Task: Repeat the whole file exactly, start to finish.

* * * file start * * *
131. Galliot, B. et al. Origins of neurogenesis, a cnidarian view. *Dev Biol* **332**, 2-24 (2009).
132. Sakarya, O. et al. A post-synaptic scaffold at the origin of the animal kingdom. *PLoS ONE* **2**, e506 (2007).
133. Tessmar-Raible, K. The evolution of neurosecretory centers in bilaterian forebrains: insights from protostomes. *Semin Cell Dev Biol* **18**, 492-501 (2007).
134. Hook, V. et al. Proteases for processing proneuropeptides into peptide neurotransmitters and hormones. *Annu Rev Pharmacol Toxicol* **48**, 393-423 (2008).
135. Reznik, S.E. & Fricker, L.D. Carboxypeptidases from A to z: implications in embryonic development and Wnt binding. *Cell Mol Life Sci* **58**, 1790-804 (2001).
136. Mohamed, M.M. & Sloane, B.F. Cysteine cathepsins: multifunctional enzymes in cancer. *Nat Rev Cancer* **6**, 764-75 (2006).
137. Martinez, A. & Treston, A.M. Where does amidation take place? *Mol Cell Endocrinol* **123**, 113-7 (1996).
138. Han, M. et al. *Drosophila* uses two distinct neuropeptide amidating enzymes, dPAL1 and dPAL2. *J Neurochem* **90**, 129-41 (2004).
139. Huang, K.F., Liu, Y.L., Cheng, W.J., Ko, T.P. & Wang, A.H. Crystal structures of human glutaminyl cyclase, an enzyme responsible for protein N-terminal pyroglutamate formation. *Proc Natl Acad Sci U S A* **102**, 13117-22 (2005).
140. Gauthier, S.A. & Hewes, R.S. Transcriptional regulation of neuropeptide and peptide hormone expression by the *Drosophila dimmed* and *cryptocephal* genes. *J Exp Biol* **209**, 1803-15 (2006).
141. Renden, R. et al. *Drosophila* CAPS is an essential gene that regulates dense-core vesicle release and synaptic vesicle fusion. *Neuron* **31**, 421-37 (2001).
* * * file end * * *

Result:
131. Galliot, B. et al. Origins of neurogenesis, a cnidarian view. *Dev Biol* **332**, 2-24 (2009).
132. Sakarya, O. et al. A post-synaptic scaffold at the origin of the animal kingdom. *PLoS ONE* **2**, e506 (2007).
133. Tessmar-Raible, K. The evolution of neurosecretory centers in bilaterian forebrains: insights from protostomes. *Semin Cell Dev Biol* **18**, 492-501 (2007).
134. Hook, V. et al. Proteases for processing proneuropeptides into peptide neurotransmitters and hormones. *Annu Rev Pharmacol Toxicol* **48**, 393-423 (2008).
135. Reznik, S.E. & Fricker, L.D. Carboxypeptidases from A to z: implications in embryonic development and Wnt binding. *Cell Mol Life Sci* **58**, 1790-804 (2001).
136. Mohamed, M.M. & Sloane, B.F. Cysteine cathepsins: multifunctional enzymes in cancer. *Nat Rev Cancer* **6**, 764-75 (2006).
137. Martinez, A. & Treston, A.M. Where does amidation take place? *Mol Cell Endocrinol* **123**, 113-7 (1996).
138. Han, M. et al. *Drosophila* uses two distinct neuropeptide amidating enzymes, dPAL1 and dPAL2. *J Neurochem* **90**, 129-41 (2004).
139. Huang, K.F., Liu, Y.L., Cheng, W.J., Ko, T.P. & Wang, A.H. Crystal structures of human glutaminyl cyclase, an enzyme responsible for protein N-terminal pyroglutamate formation. *Proc Natl Acad Sci U S A* **102**, 13117-22 (2005).
140. Gauthier, S.A. & Hewes, R.S. Transcriptional regulation of neuropeptide and peptide hormone expression by the *Drosophila dimmed* and *cryptocephal* genes. *J Exp Biol* **209**, 1803-15 (2006).
141. Renden, R. et al. *Drosophila* CAPS is an essential gene that regulates dense-core vesicle release and synaptic vesicle fusion. *Neuron* **31**, 421-37 (2001).